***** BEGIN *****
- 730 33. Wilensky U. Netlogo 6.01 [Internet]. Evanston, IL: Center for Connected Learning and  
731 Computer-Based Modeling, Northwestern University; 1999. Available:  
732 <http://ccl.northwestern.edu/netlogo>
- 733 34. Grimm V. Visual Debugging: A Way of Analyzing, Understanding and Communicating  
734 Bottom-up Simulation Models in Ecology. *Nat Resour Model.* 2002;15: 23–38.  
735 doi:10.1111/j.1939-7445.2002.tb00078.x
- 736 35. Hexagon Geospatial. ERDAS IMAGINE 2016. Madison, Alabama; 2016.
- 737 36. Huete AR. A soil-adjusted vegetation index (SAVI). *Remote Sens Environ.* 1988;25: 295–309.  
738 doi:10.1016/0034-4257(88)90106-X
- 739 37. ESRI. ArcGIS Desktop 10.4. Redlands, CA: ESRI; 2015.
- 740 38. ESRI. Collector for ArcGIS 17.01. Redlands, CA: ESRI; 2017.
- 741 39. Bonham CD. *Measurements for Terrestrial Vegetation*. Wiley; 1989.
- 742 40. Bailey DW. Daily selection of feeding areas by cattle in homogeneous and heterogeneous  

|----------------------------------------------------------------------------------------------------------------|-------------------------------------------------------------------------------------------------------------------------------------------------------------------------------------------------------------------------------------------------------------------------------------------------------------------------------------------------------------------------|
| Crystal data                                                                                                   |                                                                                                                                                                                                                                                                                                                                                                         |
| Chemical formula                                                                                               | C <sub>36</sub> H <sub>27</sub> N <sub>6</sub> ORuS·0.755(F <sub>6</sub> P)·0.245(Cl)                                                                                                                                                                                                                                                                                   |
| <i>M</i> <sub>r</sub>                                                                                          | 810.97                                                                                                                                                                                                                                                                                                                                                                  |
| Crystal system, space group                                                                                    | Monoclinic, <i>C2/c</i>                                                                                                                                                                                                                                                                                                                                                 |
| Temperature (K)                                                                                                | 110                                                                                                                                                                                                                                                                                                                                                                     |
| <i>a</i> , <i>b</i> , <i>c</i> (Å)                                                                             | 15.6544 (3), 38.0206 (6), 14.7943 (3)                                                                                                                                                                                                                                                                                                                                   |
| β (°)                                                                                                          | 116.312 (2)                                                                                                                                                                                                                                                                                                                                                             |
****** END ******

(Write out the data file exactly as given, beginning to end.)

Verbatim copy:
- 730 33. Wilensky U. Netlogo 6.01 [Internet]. Evanston, IL: Center for Connected Learning and  
731 Computer-Based Modeling, Northwestern University; 1999. Available:  
732 <http://ccl.northwestern.edu/netlogo>
- 733 34. Grimm V. Visual Debugging: A Way of Analyzing, Understanding and Communicating  
734 Bottom-up Simulation Models in Ecology. *Nat Resour Model.* 2002;15: 23–38.  
735 doi:10.1111/j.1939-7445.2002.tb00078.x
- 736 35. Hexagon Geospatial. ERDAS IMAGINE 2016. Madison, Alabama; 2016.
- 737 36. Huete AR. A soil-adjusted vegetation index (SAVI). *Remote Sens Environ.* 1988;25: 295–309.  
738 doi:10.1016/0034-4257(88)90106-X
- 739 37. ESRI. ArcGIS Desktop 10.4. Redlands, CA: ESRI; 2015.
- 740 38. ESRI. Collector for ArcGIS 17.01. Redlands, CA: ESRI; 2017.
- 741 39. Bonham CD. *Measurements for Terrestrial Vegetation*. Wiley; 1989.
- 742 40. Bailey DW. Daily selection of feeding areas by cattle in homogeneous and heterogeneous  

|----------------------------------------------------------------------------------------------------------------|-------------------------------------------------------------------------------------------------------------------------------------------------------------------------------------------------------------------------------------------------------------------------------------------------------------------------------------------------------------------------|
| Crystal data                                                                                                   |                                                                                                                                                                                                                                                                                                                                                                         |
| Chemical formula                                                                                               | C <sub>36</sub> H <sub>27</sub> N <sub>6</sub> ORuS·0.755(F <sub>6</sub> P)·0.245(Cl)                                                                                                                                                                                                                                                                                   |
| <i>M</i> <sub>r</sub>                                                                                          | 810.97                                                                                                                                                                                                                                                                                                                                                                  |
| Crystal system, space group                                                                                    | Monoclinic, <i>C2/c</i>                                                                                                                                                                                                                                                                                                                                                 |
| Temperature (K)                                                                                                | 110                                                                                                                                                                                                                                                                                                                                                                     |
| <i>a</i> , <i>b</i> , <i>c</i> (Å)                                                                             | 15.6544 (3), 38.0206 (6), 14.7943 (3)                                                                                                                                                                                                                                                                                                                                   |
| β (°)                                                                                                          | 116.312 (2)                                                                                                                                                                                                                                                                                                                                                             |